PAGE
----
Setting Up an Anti-Money Laundering Compliance Program? Part I: Start Here
April 08, 2021
Part I of Setting Up an AML Compliance Program.
There’s a moment of reckoning when a company determines—even though it may not be a bank—that it needs to put an anti-money laundering (AML) compliance program into place.
This situation arises when fintech startups and other non-bank financial institutions offer products and services that fall under Bank Secrecy Act / Anti-Money Laundering (BSA/AML) regulation. Or, often the case, when a regulated bank requires an AML compliance program from a fintech partner.
The costs and effort of a strong AML compliance program might seem burdensome at first, but if you weigh those against the costs of inadequate compliance——such as regulatory fines, reputational damage, and even rejection by a bank partner —the strategic decision becomes clear: you want to do this right.
To break this big project down into manageable chunks, here are the five core practice areas common across AML compliance programs:
- Assess Risks
- Know Your Customer (KYC)
Building a robust AML program isn’t a one-size-fits all endeavor, as each company will have a unique risk profile. Assess your specific vulnerabilities and risk thresholds in order to tailor the most effective approach. Take a broad view of potential scenarios for how criminals might exploit your company—not just for prototypical money-laundering, but also for possible adjacent and associated financial crime. Look at the most basic characteristics of your company: products and services, customers, and locations. Then ask questions such as:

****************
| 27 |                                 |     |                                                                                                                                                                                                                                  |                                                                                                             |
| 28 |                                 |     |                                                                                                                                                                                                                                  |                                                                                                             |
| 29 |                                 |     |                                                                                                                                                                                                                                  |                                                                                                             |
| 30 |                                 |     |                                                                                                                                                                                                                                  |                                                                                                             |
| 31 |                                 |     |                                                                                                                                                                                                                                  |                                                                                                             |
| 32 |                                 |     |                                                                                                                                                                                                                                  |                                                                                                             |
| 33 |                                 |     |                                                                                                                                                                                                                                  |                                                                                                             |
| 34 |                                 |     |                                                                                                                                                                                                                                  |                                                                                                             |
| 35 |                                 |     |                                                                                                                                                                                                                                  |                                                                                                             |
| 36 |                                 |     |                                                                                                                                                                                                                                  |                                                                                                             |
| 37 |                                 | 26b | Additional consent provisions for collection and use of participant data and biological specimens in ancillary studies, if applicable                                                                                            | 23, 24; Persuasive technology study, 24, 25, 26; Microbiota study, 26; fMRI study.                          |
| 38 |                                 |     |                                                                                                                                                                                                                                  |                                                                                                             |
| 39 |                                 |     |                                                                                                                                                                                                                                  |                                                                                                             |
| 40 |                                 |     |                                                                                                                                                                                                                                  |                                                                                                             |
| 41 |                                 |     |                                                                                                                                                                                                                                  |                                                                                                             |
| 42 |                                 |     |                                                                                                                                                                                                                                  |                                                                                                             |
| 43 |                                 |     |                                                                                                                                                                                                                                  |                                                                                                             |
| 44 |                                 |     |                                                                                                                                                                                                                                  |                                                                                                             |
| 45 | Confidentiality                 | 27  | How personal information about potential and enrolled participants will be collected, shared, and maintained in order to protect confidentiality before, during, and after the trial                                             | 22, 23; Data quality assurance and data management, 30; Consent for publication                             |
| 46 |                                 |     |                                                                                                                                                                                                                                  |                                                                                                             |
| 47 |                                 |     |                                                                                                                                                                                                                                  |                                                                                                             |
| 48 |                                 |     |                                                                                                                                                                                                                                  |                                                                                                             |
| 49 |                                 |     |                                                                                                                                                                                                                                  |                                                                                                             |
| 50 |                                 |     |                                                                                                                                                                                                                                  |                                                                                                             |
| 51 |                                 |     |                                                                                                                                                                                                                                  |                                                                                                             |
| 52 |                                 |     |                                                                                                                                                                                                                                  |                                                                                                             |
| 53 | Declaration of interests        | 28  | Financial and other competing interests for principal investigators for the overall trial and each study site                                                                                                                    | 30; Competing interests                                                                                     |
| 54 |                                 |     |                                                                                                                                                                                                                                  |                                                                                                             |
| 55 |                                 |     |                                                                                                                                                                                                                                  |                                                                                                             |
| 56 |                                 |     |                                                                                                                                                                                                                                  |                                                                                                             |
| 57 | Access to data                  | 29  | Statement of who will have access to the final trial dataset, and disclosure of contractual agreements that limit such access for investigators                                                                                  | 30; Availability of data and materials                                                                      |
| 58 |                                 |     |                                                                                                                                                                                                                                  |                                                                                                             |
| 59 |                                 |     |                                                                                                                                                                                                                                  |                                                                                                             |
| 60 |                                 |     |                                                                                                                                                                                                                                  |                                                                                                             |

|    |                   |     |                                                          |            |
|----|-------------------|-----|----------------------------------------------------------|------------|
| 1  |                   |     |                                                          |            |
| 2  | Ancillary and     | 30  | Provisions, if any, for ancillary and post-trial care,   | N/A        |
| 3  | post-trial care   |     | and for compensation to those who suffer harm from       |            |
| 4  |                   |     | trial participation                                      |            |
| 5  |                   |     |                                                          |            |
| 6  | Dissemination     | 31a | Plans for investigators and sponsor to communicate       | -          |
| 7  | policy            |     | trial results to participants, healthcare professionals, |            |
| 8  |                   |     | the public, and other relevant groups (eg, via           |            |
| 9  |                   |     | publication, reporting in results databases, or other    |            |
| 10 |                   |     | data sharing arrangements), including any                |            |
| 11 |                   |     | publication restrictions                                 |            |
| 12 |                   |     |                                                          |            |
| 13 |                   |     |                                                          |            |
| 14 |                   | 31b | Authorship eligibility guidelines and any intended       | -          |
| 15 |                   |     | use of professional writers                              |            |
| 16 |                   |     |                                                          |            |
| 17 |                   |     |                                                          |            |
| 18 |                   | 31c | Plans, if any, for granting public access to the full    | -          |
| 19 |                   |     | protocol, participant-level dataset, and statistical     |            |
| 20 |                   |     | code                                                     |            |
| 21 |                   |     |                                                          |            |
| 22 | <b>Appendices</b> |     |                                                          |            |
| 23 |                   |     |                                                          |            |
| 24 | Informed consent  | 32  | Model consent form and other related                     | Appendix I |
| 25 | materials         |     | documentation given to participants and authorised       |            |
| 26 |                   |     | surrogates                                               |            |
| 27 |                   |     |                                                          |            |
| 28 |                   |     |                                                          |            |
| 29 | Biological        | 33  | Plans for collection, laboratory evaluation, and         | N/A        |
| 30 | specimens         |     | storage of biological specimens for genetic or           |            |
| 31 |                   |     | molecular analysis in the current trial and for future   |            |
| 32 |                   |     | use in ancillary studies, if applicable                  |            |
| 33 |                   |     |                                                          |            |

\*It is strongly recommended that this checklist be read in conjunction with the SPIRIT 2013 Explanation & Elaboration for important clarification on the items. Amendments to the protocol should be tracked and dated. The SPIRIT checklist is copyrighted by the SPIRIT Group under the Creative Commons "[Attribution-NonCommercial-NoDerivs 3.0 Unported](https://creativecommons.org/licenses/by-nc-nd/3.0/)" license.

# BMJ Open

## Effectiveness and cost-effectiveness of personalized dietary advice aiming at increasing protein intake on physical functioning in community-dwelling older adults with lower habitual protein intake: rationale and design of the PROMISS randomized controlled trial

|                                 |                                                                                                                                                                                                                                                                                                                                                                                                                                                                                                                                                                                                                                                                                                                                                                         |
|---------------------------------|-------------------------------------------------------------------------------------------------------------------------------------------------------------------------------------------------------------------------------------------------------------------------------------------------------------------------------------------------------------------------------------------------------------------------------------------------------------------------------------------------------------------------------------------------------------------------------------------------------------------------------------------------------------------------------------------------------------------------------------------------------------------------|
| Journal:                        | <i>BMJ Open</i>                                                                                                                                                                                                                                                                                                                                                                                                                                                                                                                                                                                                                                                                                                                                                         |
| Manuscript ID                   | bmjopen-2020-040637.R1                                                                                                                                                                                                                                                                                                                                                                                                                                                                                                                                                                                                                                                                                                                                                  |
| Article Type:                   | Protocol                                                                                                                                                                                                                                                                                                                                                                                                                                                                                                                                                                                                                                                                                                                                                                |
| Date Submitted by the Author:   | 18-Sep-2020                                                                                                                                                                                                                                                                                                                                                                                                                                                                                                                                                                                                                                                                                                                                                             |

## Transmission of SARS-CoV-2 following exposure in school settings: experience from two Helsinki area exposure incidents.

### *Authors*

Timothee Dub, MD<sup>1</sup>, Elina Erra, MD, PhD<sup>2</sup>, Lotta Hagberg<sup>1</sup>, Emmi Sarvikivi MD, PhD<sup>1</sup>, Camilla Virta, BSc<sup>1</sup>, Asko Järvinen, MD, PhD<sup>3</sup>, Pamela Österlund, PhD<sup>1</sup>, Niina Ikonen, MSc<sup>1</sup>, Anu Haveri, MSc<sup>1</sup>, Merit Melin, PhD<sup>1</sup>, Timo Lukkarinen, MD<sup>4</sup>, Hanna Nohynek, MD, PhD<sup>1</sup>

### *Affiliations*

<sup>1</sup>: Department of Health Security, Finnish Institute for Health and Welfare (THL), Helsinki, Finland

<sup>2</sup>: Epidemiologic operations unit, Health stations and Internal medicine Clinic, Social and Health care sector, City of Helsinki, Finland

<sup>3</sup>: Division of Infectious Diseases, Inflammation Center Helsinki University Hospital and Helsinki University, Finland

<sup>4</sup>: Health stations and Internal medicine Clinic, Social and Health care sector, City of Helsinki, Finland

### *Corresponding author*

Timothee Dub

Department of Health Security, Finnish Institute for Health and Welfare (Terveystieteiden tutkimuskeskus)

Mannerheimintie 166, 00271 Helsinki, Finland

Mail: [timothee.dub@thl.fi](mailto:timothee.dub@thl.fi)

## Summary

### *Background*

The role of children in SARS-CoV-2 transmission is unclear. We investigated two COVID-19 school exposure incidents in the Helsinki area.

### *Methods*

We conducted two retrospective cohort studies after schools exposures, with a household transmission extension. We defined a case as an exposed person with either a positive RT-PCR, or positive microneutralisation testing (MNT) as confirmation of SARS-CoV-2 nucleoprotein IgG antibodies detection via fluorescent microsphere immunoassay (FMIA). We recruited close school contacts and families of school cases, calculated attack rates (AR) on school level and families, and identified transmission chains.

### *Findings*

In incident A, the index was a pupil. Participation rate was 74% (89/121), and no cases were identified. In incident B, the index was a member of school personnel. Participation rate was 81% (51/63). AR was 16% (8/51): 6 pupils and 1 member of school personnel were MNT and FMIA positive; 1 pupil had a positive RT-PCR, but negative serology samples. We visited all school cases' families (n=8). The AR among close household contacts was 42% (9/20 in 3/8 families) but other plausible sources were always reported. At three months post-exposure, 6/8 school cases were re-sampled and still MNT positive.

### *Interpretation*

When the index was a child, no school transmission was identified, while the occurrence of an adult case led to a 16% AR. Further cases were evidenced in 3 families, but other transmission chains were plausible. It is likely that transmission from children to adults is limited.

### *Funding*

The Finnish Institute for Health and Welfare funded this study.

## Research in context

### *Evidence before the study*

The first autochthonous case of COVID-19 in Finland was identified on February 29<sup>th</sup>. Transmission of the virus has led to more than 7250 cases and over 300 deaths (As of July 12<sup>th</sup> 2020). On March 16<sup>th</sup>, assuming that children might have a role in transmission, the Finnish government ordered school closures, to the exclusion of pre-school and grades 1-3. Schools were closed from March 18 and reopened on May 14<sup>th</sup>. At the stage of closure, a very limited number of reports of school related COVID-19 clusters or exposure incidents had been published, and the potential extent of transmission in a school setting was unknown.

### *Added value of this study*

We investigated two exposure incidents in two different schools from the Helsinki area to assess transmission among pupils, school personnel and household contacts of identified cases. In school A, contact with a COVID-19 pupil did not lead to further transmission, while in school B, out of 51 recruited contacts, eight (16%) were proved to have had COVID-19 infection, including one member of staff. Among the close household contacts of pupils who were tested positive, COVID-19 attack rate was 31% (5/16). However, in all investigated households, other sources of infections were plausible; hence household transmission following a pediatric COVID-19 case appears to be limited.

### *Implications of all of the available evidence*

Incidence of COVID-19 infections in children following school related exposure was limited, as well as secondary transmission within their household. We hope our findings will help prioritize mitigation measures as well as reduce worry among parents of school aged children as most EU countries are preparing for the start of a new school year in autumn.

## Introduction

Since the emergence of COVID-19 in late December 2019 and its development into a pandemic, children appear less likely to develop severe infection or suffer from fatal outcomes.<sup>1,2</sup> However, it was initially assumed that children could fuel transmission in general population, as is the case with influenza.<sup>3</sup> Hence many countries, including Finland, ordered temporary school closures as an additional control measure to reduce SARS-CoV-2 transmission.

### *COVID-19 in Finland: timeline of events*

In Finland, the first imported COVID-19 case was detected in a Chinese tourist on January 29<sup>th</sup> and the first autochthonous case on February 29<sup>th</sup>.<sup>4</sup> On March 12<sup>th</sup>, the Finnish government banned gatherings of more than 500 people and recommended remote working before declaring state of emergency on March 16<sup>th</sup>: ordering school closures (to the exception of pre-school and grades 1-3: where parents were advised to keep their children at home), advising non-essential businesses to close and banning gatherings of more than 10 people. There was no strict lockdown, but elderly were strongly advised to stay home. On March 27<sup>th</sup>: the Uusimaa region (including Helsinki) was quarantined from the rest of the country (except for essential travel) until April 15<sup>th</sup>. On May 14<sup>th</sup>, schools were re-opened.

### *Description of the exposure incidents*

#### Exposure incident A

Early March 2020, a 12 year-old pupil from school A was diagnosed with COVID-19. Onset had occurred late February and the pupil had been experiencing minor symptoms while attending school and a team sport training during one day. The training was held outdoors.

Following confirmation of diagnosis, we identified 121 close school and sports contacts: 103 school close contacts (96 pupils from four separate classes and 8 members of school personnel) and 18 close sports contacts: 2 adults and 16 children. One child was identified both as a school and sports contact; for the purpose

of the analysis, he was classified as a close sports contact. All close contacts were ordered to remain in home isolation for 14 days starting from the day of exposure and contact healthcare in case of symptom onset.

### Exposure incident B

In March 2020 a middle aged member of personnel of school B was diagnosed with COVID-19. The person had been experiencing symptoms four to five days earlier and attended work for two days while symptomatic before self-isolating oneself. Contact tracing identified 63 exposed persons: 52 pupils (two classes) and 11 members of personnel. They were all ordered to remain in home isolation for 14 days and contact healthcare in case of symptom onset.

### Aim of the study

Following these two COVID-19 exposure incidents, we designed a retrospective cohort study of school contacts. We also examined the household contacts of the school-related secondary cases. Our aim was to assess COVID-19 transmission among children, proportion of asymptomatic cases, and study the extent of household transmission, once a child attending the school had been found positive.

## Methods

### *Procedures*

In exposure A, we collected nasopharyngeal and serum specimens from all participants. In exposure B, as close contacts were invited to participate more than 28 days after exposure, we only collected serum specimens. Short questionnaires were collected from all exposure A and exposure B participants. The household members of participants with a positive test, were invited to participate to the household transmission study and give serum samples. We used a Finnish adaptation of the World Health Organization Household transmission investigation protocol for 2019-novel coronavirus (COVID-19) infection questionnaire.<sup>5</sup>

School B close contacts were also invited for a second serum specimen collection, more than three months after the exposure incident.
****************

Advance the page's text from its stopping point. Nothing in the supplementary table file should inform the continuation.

How easily could criminals launder money through your products?
Could they use your products to facilitate other kinds of crime like human trafficking?
Could they use your company as a channel for stolen credit cards and identities?
Could they hijack your services for scams?
These are some classic scenarios, but remember criminals can get creative.
Assessing Your Unique Risks
Every financial institution has unique risks when it comes to financial crime. Bad people are out there probing for weaknesses in the financial industry – the strategies and tactics they use to commit financial crime are sophisticated. So how do you formulate a defense strategy and put protections in place? You start by thinking through your institution’s potential risks and defining a system of defenses that will help protect you. Your risk assessment process should look broadly at all types risks facing your company – financial crime, fraud, money laundering, consumer rights violations, information security and others. For this series, though, we’ll continue our focus on AML.
To identify the risk your institution has of being used to launder money, it is useful to have a framework for your thinking. Using a framework will help you think broadly about the problem and cover different perspectives.
A commonly used framework for risk assessment is to think about your financial institution along the following lines:
- Products & services: what financial products & services does your institution provide?
- Customers: what types of customers does your institution work with?
- Geographies: where are your customers in terms of geography?
The goal of thinking through your unique risks along these lines is to formulate a more thorough defense strategy. Since each category can be quite broad, let’s explore how to use them in your risk assessment work.
Risk Factor 1: Products & Services